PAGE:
Webinar series: Improving inequities in care

Proactive change to meet the needs of marginalized populations, including those of sexual and racial minorities, is urgently needed. Current events continue to highlight inequities in health due to systemic problems and both conscious and unconscious biases. This series from Ontario Psychiatric Association (OPA) aims to provide clinical knowledge and skills to identify the needs of such underserviced populations, identify and address barriers to care, and create change through self-awareness, modification of practices and subsequent systemic cultural shifts.

Transcending barriers: Improving access to care for trans-identified individuals

Psychiatry has a history of conflating LGBTQ identities with mental illness and has, therefore, contributed to the stigma and discrimination faced by people who identify as LGBTQ. This has had consequences in terms of the mental health of LGBTQ-identified individuals as well as their access to appropriate mental health care. While “homosexuality” is no longer included as a diagnosis within the DSM, controversy continues to surround the inclusion of gender dysphoria within the DSM-5, with many arguing that this diagnosis should be removed from the DSM because the diagnosis pathologizes transgender identities, while others believe it should remain in the DSM to ensure continued access to appropriate medical treatment (e.g. access to hormones and/or gender-affirming surgeries) for people who identify as transgender. This talk will review the terminology associated with trans* identities, emphasizing diversity within trans* communities. Specific mental healthcare needs and disparities within trans* communities will be reviewed. Barriers to care for trans-identified individuals will be discussed, as will practical ways in which these barriers can be addressed to create or maintain a mental health practice/office space that is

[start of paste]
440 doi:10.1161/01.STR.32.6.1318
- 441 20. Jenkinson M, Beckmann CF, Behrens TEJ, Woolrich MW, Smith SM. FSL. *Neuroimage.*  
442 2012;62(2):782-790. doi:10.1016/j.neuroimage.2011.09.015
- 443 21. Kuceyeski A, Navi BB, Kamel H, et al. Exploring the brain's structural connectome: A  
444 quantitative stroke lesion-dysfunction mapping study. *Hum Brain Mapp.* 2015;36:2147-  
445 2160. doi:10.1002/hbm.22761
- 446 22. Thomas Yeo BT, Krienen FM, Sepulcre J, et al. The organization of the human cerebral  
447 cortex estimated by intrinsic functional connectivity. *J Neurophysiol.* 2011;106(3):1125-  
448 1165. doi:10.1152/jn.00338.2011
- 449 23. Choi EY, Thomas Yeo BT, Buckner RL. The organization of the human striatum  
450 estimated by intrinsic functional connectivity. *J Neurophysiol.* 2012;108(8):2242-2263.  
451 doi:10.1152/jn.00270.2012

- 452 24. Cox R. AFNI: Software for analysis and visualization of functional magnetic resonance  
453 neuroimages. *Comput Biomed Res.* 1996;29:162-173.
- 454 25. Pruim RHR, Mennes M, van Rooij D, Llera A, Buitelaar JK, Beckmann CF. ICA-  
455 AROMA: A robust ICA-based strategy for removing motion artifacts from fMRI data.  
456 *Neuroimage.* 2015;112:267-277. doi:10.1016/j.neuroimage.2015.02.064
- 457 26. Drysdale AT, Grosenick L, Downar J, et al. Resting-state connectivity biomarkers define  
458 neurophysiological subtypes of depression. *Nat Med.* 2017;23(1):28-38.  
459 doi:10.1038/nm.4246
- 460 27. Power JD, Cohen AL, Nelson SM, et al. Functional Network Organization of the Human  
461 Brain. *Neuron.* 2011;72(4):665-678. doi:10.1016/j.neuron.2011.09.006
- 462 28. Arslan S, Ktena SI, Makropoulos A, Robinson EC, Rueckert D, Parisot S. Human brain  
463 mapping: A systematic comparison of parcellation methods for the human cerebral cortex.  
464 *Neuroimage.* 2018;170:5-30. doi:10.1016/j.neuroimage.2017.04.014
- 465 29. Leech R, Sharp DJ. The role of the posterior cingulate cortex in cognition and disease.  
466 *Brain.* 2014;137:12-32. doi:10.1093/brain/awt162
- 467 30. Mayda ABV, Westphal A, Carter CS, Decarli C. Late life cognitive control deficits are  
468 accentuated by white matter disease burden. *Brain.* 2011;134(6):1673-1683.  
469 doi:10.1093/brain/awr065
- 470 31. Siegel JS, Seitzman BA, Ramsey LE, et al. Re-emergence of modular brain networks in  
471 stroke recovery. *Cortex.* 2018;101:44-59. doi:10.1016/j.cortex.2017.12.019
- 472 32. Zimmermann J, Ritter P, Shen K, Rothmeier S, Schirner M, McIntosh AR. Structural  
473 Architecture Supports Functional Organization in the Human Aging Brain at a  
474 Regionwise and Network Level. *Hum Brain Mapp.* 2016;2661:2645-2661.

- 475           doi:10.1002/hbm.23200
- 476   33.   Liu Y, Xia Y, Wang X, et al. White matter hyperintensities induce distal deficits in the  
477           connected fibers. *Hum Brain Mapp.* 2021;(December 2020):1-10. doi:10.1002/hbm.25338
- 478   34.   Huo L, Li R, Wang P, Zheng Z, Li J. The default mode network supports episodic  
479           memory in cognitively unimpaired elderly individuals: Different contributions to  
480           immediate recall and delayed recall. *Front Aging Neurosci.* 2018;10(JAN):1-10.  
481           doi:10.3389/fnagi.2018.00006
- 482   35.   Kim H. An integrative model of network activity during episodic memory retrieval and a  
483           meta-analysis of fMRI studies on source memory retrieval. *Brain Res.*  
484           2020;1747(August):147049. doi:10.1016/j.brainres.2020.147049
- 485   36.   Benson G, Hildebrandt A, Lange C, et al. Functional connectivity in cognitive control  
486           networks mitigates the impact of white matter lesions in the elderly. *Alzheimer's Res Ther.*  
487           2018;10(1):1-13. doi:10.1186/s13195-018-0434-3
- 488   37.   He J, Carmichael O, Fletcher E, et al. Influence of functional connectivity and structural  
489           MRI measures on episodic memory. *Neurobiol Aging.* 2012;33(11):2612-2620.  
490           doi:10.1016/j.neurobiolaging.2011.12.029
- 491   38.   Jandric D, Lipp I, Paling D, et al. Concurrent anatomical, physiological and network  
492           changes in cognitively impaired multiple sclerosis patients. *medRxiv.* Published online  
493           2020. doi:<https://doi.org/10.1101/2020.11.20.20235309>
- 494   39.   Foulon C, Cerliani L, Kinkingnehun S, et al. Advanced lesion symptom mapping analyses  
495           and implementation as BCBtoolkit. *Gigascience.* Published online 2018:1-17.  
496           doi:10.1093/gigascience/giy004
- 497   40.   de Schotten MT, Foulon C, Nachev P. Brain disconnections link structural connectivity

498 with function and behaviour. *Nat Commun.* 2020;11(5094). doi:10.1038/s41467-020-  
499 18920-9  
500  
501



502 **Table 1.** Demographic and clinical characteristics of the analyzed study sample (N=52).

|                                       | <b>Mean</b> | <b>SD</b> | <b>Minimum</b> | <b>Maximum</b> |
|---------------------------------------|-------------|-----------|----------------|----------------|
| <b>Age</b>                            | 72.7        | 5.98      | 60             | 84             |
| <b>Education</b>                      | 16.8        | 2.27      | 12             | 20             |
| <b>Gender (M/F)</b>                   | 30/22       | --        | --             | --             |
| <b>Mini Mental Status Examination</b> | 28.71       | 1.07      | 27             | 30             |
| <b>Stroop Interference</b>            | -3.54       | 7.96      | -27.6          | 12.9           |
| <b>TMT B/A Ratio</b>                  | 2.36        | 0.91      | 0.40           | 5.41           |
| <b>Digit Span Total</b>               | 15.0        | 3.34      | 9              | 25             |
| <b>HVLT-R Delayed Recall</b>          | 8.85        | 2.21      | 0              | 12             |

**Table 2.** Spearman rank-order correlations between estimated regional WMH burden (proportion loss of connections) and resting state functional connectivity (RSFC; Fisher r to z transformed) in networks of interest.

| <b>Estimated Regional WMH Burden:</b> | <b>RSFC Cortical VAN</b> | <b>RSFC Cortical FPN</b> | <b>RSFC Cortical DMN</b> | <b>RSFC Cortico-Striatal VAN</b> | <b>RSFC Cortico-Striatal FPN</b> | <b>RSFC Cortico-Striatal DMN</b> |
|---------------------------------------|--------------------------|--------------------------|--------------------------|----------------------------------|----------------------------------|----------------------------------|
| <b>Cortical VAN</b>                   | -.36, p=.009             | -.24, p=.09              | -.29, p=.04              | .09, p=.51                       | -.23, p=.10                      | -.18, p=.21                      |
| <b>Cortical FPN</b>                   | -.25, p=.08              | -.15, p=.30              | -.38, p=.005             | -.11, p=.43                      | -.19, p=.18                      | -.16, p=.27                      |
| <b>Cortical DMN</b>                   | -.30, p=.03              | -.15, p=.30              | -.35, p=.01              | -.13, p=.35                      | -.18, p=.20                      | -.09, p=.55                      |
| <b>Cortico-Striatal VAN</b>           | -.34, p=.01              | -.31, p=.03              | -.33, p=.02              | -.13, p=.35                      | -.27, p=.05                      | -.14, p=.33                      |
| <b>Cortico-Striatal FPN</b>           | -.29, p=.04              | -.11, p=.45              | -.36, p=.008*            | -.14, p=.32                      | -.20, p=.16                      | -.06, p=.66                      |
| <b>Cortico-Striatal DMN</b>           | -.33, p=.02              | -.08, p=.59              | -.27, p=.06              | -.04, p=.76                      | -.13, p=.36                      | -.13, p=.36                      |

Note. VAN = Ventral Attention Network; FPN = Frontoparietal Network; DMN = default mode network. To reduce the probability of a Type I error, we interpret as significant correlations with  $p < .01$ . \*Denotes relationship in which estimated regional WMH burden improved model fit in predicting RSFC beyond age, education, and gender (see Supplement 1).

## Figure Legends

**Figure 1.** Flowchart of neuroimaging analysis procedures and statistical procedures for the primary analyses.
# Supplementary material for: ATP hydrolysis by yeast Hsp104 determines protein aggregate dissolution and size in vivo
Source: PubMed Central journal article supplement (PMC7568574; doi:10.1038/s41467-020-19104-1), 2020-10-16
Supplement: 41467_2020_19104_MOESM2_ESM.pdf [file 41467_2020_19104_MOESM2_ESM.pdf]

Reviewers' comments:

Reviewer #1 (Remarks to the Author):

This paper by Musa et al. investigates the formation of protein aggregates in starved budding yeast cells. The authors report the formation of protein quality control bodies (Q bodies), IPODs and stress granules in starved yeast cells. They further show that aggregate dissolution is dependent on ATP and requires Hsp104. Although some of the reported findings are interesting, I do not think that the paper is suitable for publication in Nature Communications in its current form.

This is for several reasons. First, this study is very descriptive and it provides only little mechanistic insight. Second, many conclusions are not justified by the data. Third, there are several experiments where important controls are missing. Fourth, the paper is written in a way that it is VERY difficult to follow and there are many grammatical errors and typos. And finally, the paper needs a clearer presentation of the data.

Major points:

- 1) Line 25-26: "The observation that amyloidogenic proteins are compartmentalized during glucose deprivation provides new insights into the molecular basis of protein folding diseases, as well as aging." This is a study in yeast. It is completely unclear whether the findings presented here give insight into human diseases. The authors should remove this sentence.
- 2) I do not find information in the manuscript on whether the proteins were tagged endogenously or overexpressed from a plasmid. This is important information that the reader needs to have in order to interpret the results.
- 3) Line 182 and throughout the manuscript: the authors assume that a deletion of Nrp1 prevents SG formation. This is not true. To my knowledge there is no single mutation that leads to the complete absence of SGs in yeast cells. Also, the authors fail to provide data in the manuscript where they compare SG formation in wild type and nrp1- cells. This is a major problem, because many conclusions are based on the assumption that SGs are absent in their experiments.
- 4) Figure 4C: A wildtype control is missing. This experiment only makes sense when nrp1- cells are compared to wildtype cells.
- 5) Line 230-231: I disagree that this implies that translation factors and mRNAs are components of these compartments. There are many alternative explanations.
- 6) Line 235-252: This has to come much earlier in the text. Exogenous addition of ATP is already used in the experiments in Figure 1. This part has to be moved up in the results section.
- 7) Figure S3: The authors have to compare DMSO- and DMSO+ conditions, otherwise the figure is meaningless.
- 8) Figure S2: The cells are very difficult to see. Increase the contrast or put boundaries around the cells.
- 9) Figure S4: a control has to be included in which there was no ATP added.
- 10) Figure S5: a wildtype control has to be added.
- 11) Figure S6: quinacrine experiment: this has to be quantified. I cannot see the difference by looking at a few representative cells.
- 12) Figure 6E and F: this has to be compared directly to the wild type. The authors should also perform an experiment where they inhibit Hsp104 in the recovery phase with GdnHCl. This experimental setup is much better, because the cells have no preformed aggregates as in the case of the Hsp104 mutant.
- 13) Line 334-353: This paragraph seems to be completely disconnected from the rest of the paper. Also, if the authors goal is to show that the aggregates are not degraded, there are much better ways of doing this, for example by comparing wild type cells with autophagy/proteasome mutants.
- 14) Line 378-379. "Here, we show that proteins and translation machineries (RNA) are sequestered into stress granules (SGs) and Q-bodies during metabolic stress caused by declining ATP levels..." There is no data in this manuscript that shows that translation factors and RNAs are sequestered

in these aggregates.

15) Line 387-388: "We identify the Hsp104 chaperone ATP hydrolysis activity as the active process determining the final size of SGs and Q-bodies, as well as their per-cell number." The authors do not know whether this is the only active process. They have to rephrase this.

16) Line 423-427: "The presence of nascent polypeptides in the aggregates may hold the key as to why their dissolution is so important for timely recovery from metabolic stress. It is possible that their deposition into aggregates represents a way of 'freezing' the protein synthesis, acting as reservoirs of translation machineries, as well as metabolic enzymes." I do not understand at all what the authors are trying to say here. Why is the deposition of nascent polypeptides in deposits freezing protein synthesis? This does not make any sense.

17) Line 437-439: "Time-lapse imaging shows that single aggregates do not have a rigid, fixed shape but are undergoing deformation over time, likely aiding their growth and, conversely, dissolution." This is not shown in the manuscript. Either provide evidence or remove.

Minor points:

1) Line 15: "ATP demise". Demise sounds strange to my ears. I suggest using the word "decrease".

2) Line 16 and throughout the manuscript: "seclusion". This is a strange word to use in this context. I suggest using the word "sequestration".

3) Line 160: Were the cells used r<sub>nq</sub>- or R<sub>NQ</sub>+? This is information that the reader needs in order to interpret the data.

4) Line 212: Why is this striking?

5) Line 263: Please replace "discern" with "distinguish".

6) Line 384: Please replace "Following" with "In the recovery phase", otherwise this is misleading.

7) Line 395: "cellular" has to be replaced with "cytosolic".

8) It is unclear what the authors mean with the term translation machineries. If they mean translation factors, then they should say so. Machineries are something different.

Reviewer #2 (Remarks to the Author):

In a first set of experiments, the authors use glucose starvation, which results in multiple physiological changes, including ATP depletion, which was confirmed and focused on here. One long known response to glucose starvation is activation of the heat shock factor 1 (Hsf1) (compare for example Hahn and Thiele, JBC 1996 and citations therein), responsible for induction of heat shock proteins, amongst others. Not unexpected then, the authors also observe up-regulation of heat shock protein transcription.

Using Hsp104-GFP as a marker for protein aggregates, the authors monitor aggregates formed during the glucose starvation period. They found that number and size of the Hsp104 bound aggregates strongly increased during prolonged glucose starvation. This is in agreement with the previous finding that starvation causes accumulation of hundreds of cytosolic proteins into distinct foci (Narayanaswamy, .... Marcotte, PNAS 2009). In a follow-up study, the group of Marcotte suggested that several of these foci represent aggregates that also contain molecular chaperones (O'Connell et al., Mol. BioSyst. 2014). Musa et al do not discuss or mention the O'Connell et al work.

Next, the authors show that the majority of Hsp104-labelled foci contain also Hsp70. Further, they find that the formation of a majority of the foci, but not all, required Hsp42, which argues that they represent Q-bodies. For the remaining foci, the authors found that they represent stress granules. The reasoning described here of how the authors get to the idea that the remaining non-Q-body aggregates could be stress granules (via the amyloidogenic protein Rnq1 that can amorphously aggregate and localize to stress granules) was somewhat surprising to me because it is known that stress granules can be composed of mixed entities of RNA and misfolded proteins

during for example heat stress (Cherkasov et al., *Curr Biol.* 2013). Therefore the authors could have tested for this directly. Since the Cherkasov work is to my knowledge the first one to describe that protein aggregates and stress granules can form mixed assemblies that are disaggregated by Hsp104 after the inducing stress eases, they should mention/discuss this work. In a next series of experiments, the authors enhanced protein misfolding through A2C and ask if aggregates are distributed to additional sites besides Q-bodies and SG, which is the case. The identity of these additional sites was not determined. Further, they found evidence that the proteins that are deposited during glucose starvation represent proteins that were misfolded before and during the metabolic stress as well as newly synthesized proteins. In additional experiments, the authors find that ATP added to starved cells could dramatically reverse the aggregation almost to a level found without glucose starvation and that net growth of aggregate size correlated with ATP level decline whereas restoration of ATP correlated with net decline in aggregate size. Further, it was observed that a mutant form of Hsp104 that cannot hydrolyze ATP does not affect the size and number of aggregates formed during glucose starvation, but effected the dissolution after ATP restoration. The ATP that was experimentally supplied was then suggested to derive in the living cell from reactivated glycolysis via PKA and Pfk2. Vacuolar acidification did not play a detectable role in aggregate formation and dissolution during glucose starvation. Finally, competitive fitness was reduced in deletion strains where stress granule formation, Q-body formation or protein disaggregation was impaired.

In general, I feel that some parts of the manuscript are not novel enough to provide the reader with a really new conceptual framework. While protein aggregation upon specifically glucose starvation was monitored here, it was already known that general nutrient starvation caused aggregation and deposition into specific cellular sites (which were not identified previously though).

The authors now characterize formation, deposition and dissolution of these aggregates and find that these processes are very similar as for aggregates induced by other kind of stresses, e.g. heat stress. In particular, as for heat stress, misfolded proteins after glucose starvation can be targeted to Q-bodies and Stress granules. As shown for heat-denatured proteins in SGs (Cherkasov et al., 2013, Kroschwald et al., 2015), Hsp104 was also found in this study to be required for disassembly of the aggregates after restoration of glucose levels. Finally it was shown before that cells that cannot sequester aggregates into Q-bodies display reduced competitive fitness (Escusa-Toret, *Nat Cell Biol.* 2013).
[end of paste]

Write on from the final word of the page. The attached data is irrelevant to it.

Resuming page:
affirming to people who identity as trans* (and/or LGBTQ).

Date: Monday, May 31, 2021

Time: 7:45 - 9:30 p.m. EDT

Register now.

Learning objectives

  • Improve understanding of terminology related to individuals who identify as trans* and the diversity within trans* communities.
  • Gain knowledge regarding some of the specific mental healthcare needs of trans* individuals.
  • Develop awareness of the barriers to care for trans-identified communities.
  • Increase knowledge of ways to improve access to care for trans-identified individuals.
  • Gain practical skills in creating/maintaining an office space/mental health practice that is affirming of LGBTQ+ identities (how to be an ally).

Speaker

Dr. Albina Veltman is an Associate Professor at McMaster University in the Department of Psychiatry & Behavioural Neurosciences. From 2013-2016, she served as the Inaugural Chair of Diversity & Engagement for the Undergraduate Medical Education Program at McMaster. Dr. Veltman’s clinical work focuses on traditionally marginalized populations, including people with severe and persistent mental illness, people with developmental disabilities, and people who identify as lesbian, gay, bisexual, transgender and/or queer (LGBTQ). She is a frequent speaker at national and international workshops and conferences on topics related to social justice, diversity and LGBTQ health. Dr. Veltman is the lead author on the Canadian Psychiatric Association's first position paper on the provision of mental health care for LGBTQ-identified individuals (published in 2014). She has been the recipient of several awards and grants, including the 2013 McMaster University Department of Psychiatry Undergraduate Educator Award, a 2014 AMS Phoenix Project Call to Caring Grant, and the 2015 Distinguished Service Award from the Association of Gay & Lesbian Psychiatrists.